Argentina's Milei irritates Spain again with plans for visit

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MADRID (Reuters) - Spain's Foreign Ministry expressed strong disapproval on Thursday at what it called Argentine President Javier Milei's "deviation from expected diplomatic norms" in deciding to shun top government officials during a planned visit this week.

Milei is due to land on Friday at Torrejon de Ardoz air force base, amid a simmering diplomatic spat between Madrid and Buenos Aires over remarks he made last month.

Milei will receive an award at the Juan de Mariana Institute, a libertarian think tank. He will also collect a medal from Madrid's conservative regional leader Isabel Diaz Ayuso, a staunch opponent of Socialist Prime Minister Pedro Sanchez.

No meetings with head of state King Felipe VI, Sanchez or Foreign Minister Jose Manuel Albares are on the agenda.

"It is surprising and anomalous that a foreign president does not request, in any of his first visits to Spain, an institutional meeting with his counterpart, as all heads of state in the world do," the ministry said in a statement.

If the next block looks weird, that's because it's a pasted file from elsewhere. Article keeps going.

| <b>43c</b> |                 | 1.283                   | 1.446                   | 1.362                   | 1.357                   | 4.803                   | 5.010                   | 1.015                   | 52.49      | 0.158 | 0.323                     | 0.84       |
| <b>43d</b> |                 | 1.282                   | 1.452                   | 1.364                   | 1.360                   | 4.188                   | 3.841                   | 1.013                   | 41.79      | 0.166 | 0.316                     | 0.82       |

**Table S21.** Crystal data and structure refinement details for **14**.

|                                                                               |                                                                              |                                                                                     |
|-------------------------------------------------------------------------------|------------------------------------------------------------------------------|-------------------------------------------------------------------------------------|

"This highlights a deviation from expected diplomatic norms and suggests a lack of priority on formal state relations," it added. It expressed hope that Milei would respect Spanish institutions on this visit, refrain from gestures seen as rude in Madrid and align his actions with "the historical and fraternal bond between the two countries".

Thursday was a public holiday in Argentina and there was no immediate response from the embassy to a request for comment.

El Pais newspaper reported that Milei had requested to meet with Felipe, but the Royal Palace would not grant it. The Palace said only that no such meeting was on the king's agenda, adding that the Foreign Ministry coordinates official visits.

During his first visit to Spain last month, Milei also declined to have any meetings with top officials. During a speech at a far-right rally in Madrid during that trip, Milei called Sanchez's wife Begona Gomez "corrupt" and described Socialism as "cursed and carcinogenic".

Gomez is under a preliminary investigation of possible influence peddling and corruption. She and her husband have denied any wrongdoing.

Sanchez heads the Spanish Socialist Party.

Spain permanently recalled its ambassador from Buenos Aires two days later when Milei refused to apologise, instead calling Sanchez "arrogant" and "totalitarian".

Argentina has kept its ambassador in Madrid.

Milei, a libertarian and former TV pundit who took office last December, relishes taking maverick positions and making theatrical gestures.

Asked in an interview earlier this week about his coming trip to Madrid, Milei called Sanchez a "coward" and compared him to Venezuela's authoritarian President Nicolas Maduro.

(Reporting by Belén Carreño and Inti Landauro; Editing by Andrei Khalip and Frances Kerry)